With coronavirus making large-scale festivals a public health hazard and widespread protests forcing the nation into a reckoning on racial inequality, this Pride season is one unlike any other. And yet, the spirit of a movement itself born out of a protest lives on. As the month of June comes to a close, E! News has asked some of Hollywood’s newest generation of LGBTQ stars to share what Pride means to them in 2020.
Welcome to The New Faces of Pride.
For the last four years, Maisie Richardson-Sellers has won CW fans over with a pair of roles on DC’s Legends of Tomorrow, first playing Amaya Jiwe (a version of the DC Comics character Vixen original to the series) for two seasons, followed by another two as shape-shifter Charlie. But the conclusion of the show’s fifth and final season brought about the queer English actress’ departure from the series so that she might, as co-showrunner Phil Klemmer told TVLine, “make her mark as a filmmaker on her own.”
While we await news of her filmmaking, Richardson-Sellers joins E! News’ week-long New Faces of Pride celebration, offering her take on the state of things in this most unusual year.
As we find ourselves in a Pride season unlike any other, with the country battling a pandemic while rising up to tackle the systemic oppression that’s plagued Black Americans for decades, how has your personal definition of Pride changed or shifted this year?
Growing up, Pride was such an exciting and affirming time for me. But the more I’ve traveled, the less prideful I’ve begun to feel. When filming in South Africa and learning that homophobic and transphobic hate crimes such as corrective rape, violent attacks and the murder of POC LGBTQAI+ individuals are a frequent occurrence with shockingly low rates of conviction, and then filming in Vancouver, where there are police created ‘safe space’ rainbow stickers in every other shop window, the disparity between the global experiences of LGBTQAI+ individuals haunts me. What I am most proud of this Pride is the unbelievable strength, resilience and compassion of my LGBTQAI+ siblings. But Pride also stands as a powerful a reminder to me of just how far we still have to go, not just in terms of legalization, but in changing the hearts and minds of societies. I find it hard to celebrate until safety and equal access to resources and healthcare is a reality for our global community.
With Pride being born out of protest sparked by Black trans women, what encouragement would you like to give fans and family alike to get involved this Pride month?
Pop culture has absorbed so much from the Black trans and queer community, and has given barely anything back. Pride celebrations are sadly no different. We have seen the exclusion of the Black trans community from mainstream Pride events again and again worldwide. With Black trans women experiencing a horrifically disproportionate amount of violence and discrimination, this Pride, I implore you to question what you can do to support the most at risk members of our communities. Self educate, then educate your family members. Find out what your local community is doing to support our trans siblings, and challenge them to do better. Support those who are already on the ground doing the work by researching grassroots organizations and if you have the means, donate. Please also consider supporting an organization outside of the US, where a little can go a very long way. I love the Triangle Project in Cape Town, who do incredible legal advocacy, health care and community engagement work for the LGBTQAI+ community, and have dedicated support systems for POC trans individuals.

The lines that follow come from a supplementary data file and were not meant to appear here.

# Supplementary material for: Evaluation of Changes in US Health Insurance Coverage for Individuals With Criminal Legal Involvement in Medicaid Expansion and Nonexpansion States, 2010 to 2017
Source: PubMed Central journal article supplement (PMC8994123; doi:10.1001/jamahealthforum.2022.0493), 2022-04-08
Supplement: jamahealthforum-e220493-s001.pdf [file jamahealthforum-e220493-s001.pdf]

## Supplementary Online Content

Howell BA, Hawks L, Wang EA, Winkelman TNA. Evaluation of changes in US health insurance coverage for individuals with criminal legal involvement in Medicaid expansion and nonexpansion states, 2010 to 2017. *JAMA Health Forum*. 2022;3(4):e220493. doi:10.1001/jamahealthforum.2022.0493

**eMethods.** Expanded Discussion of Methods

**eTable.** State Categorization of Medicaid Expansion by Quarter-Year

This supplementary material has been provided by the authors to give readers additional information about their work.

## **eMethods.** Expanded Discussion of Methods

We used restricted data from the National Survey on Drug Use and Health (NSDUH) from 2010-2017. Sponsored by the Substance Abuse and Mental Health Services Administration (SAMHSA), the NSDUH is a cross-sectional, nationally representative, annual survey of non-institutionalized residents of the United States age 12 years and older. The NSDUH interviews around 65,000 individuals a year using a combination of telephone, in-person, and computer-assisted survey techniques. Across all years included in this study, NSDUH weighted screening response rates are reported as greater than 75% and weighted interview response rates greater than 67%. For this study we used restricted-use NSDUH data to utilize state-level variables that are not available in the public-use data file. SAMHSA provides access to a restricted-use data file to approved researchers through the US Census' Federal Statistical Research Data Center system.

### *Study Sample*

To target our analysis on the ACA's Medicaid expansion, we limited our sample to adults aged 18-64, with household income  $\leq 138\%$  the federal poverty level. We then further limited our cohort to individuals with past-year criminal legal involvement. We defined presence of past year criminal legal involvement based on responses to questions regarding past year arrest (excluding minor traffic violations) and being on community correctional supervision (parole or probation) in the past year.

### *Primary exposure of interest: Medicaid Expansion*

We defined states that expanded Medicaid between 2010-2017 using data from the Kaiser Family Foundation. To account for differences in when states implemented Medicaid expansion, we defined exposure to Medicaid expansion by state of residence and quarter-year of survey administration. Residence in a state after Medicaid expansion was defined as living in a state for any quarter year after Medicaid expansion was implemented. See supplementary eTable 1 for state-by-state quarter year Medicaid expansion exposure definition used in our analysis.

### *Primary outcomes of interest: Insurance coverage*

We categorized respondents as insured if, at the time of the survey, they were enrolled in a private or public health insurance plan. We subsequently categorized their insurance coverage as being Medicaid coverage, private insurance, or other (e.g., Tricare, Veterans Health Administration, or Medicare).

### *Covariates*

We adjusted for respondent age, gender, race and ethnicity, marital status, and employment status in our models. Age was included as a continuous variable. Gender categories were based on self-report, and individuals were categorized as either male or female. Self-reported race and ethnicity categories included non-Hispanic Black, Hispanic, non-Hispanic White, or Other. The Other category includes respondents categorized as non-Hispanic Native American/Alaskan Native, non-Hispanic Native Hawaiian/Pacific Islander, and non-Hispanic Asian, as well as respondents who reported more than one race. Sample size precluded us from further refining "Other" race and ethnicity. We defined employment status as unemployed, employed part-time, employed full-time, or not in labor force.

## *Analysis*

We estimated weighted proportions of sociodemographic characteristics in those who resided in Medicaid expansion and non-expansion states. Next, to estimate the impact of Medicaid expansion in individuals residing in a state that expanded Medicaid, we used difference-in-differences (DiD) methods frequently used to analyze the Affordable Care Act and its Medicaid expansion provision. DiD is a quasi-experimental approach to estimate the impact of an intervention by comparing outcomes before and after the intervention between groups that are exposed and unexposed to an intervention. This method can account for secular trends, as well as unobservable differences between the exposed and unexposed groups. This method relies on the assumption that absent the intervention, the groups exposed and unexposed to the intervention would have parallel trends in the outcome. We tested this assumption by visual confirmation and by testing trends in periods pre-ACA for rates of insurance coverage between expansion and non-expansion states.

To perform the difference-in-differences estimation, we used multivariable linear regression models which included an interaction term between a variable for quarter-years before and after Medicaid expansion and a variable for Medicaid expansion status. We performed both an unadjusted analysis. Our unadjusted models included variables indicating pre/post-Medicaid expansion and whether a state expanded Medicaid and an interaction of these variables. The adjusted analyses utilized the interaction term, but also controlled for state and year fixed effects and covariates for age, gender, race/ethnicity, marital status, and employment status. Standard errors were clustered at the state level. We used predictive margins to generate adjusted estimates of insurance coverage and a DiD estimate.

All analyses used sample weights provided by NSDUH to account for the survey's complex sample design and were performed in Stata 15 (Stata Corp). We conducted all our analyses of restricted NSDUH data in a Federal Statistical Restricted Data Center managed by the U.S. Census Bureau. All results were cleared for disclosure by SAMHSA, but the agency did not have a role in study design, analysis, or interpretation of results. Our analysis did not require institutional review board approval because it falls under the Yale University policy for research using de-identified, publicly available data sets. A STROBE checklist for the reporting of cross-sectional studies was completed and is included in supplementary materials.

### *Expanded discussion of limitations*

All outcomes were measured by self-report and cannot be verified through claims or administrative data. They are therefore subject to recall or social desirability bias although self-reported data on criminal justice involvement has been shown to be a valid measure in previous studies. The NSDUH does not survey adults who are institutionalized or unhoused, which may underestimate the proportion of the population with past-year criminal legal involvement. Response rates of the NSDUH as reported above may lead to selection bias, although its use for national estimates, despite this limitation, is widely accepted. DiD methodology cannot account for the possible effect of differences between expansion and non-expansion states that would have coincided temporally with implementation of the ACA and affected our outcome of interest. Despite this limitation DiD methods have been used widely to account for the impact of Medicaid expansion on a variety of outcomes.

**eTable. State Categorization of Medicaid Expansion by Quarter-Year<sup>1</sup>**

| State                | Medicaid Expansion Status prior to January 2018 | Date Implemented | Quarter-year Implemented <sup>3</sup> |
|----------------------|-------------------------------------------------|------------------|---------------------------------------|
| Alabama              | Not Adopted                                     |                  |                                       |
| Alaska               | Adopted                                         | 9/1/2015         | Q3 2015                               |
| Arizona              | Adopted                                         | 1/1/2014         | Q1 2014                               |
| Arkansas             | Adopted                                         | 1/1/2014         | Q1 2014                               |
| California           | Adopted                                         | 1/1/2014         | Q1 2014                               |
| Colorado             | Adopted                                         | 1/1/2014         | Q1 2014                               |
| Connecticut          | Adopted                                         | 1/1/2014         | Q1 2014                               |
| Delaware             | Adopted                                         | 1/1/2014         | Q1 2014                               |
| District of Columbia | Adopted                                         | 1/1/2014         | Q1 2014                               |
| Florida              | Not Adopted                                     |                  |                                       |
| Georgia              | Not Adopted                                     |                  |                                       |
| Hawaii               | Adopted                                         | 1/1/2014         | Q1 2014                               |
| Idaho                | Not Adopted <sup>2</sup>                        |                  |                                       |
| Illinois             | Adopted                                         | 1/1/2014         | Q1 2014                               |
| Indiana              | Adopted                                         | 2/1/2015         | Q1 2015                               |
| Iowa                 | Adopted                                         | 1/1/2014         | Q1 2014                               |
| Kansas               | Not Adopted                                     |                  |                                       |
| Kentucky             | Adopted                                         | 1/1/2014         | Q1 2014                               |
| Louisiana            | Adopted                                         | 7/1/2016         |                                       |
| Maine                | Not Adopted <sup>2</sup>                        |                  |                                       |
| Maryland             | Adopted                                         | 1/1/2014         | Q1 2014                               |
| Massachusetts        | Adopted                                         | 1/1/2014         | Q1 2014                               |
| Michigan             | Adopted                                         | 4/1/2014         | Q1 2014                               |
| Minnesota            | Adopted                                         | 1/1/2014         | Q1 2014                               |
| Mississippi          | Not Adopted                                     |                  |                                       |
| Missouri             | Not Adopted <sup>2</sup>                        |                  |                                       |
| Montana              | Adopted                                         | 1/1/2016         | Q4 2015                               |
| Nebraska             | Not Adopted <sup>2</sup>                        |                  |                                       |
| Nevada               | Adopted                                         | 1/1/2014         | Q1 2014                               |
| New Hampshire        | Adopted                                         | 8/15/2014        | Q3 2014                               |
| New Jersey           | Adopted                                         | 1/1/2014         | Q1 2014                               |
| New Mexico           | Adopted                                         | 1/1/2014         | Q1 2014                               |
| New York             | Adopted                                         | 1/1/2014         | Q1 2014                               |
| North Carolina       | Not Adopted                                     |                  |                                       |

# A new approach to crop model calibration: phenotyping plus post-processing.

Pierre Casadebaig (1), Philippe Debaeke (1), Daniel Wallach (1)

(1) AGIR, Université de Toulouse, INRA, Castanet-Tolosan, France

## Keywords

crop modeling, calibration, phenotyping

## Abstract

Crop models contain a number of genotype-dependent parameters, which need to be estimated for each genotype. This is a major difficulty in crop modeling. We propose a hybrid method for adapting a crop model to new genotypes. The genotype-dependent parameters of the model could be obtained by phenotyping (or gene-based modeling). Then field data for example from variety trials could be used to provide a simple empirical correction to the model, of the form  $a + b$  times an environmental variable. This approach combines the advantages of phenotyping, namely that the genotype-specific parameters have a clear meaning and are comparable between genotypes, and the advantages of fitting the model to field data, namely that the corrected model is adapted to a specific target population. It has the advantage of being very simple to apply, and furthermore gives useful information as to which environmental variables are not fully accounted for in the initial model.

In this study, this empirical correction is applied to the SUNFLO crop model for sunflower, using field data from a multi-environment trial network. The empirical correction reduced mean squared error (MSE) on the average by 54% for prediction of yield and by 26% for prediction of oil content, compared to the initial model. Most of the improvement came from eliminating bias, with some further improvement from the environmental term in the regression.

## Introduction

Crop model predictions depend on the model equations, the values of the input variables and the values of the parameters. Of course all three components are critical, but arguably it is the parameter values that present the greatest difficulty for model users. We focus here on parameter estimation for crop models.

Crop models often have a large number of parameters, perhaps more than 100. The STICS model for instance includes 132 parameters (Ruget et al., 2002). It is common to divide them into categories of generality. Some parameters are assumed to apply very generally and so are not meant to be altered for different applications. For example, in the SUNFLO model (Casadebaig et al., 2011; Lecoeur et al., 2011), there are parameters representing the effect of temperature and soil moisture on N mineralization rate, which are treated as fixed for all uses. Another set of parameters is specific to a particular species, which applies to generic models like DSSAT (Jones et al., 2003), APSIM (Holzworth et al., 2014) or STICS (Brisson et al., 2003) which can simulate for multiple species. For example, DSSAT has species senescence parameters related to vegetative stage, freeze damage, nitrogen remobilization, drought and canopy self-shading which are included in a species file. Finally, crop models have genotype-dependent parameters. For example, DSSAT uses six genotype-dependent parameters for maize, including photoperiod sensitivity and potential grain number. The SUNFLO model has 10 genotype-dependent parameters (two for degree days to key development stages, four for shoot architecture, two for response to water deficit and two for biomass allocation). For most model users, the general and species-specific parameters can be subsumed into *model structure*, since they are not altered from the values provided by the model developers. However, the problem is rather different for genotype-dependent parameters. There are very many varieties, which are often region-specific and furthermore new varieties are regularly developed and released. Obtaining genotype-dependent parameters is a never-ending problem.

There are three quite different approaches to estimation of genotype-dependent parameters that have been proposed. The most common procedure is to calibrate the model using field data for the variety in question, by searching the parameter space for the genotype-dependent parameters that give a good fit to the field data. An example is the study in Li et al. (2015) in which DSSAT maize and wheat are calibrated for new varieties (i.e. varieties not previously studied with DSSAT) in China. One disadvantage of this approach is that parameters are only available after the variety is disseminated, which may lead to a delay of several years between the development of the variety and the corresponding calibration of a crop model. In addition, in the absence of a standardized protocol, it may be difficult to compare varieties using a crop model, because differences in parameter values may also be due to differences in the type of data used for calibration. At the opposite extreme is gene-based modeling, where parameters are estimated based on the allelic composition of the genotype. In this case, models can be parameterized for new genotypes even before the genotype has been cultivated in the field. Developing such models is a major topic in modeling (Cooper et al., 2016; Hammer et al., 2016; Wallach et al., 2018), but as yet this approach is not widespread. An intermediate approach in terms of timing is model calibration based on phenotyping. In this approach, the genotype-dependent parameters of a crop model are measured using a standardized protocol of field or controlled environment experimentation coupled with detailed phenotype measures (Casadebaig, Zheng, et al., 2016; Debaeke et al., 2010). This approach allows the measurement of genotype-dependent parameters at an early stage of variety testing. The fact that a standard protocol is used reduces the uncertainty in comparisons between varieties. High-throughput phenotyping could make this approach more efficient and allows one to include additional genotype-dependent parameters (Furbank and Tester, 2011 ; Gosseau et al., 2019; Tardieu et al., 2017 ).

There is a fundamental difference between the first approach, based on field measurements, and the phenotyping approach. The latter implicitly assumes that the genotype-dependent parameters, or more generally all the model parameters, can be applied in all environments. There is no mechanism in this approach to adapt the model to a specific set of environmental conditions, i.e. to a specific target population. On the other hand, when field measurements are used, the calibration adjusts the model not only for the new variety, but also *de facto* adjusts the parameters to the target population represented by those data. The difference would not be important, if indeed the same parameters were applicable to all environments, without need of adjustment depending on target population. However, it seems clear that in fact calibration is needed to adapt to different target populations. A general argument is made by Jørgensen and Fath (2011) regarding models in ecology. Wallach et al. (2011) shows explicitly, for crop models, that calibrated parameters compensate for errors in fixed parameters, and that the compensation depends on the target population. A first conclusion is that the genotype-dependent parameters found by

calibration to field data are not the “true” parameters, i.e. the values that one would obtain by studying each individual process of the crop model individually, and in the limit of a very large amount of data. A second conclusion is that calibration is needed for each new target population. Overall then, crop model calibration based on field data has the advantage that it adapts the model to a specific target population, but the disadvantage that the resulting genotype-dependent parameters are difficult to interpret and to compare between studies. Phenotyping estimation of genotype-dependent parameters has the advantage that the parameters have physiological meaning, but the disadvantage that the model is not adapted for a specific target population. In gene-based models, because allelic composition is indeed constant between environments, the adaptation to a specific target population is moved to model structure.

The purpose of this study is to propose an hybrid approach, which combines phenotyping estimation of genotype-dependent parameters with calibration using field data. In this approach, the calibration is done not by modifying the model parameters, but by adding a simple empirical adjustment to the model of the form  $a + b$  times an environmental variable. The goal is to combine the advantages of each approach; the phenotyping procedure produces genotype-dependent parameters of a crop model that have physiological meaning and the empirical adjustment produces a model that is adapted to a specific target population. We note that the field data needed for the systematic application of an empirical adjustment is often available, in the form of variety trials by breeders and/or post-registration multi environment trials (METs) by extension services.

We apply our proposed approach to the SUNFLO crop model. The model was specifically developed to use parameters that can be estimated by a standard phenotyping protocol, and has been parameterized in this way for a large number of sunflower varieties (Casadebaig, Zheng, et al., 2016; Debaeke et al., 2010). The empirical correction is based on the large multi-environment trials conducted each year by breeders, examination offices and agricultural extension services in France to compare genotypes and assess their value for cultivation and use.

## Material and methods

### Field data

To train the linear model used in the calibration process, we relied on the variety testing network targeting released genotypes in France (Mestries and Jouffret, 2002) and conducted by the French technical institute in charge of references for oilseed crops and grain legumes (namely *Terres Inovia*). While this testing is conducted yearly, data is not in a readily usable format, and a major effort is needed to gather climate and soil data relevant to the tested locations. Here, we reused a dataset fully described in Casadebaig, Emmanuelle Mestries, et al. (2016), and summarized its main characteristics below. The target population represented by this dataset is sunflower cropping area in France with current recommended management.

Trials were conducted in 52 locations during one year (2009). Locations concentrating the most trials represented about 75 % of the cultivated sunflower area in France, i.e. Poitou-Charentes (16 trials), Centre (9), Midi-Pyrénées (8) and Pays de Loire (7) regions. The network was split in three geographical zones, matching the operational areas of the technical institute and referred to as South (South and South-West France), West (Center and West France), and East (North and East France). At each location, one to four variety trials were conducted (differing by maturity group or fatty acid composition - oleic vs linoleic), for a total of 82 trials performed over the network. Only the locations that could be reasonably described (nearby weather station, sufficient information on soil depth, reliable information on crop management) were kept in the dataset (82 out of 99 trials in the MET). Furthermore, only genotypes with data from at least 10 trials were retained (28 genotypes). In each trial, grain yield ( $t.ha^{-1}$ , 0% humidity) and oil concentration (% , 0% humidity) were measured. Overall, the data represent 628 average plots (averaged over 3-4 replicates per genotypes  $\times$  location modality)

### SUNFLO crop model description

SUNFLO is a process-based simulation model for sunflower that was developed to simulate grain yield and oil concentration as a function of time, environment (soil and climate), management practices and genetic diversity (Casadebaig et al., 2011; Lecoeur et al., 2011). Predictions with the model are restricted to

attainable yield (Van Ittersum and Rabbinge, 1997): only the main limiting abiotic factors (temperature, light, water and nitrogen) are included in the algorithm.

What queer media, be it books, music or film/TV, have you found yourself turning to this year to buoy you through the uncertainty? Why?
I loved Netflix’s The Half of It, it was such a feel-good, beautifully told story written and directed by Alice Wu. Book-wise, just read a fantastic novel, Girl, Woman, Other by Bernardine Evaristo, which is a delicious exploration of the experiences of 12 people of color from different backgrounds, ethnicities and time periods in Britain as they navigate their way through their unique realities, triumphs and tragedies in a deeply intimate way. There is even a queer Guyanese actress in there, which is the first time I’ve ever seen my identity represented!
I have to admit, the music I listen to (on repeat) is that of my partner, CLAY. Her voice is otherworldly—check her out.
You are given the keys to your industry. What’s the first thing you do to make it a more inclusive environment for everyone?
I would diversify the industry from the top down. Only once the studio heads, network executives, programmers, financiers, casting and show runners are diverse will we begin to see diverse content organically created from experience, rather than imagination. One thing the current gatekeepers are failing to realize is that simply adding more POC and LGBTQAI+ characters as subplots and quirky side kicks to bolster the storylines of white protagonists isn’t enough. When those who are creating and writing and directing the stories are not diverse, we end up time and time again with watered down, two dimensional and often stereotypical representation that misses out on so much of the nuance and magic of diverse experiences.
What is your message to future generations of queer people, coming of age right now? How do you want to instill hope in them?
I am so deeply inspired and humbled by the collective openness, curiosity and the determination of your generation. Your individual story, your fire, your dreams are what make you an absolutely crucial part of the fabric of this next chapter. Don’t forget that allowing yourself to be vulnerable is a sign of great strength, and that nurturing your mental and emotional health only makes you better equipped to support others. Refuse to settle. Refuse to sit down. Your time is now.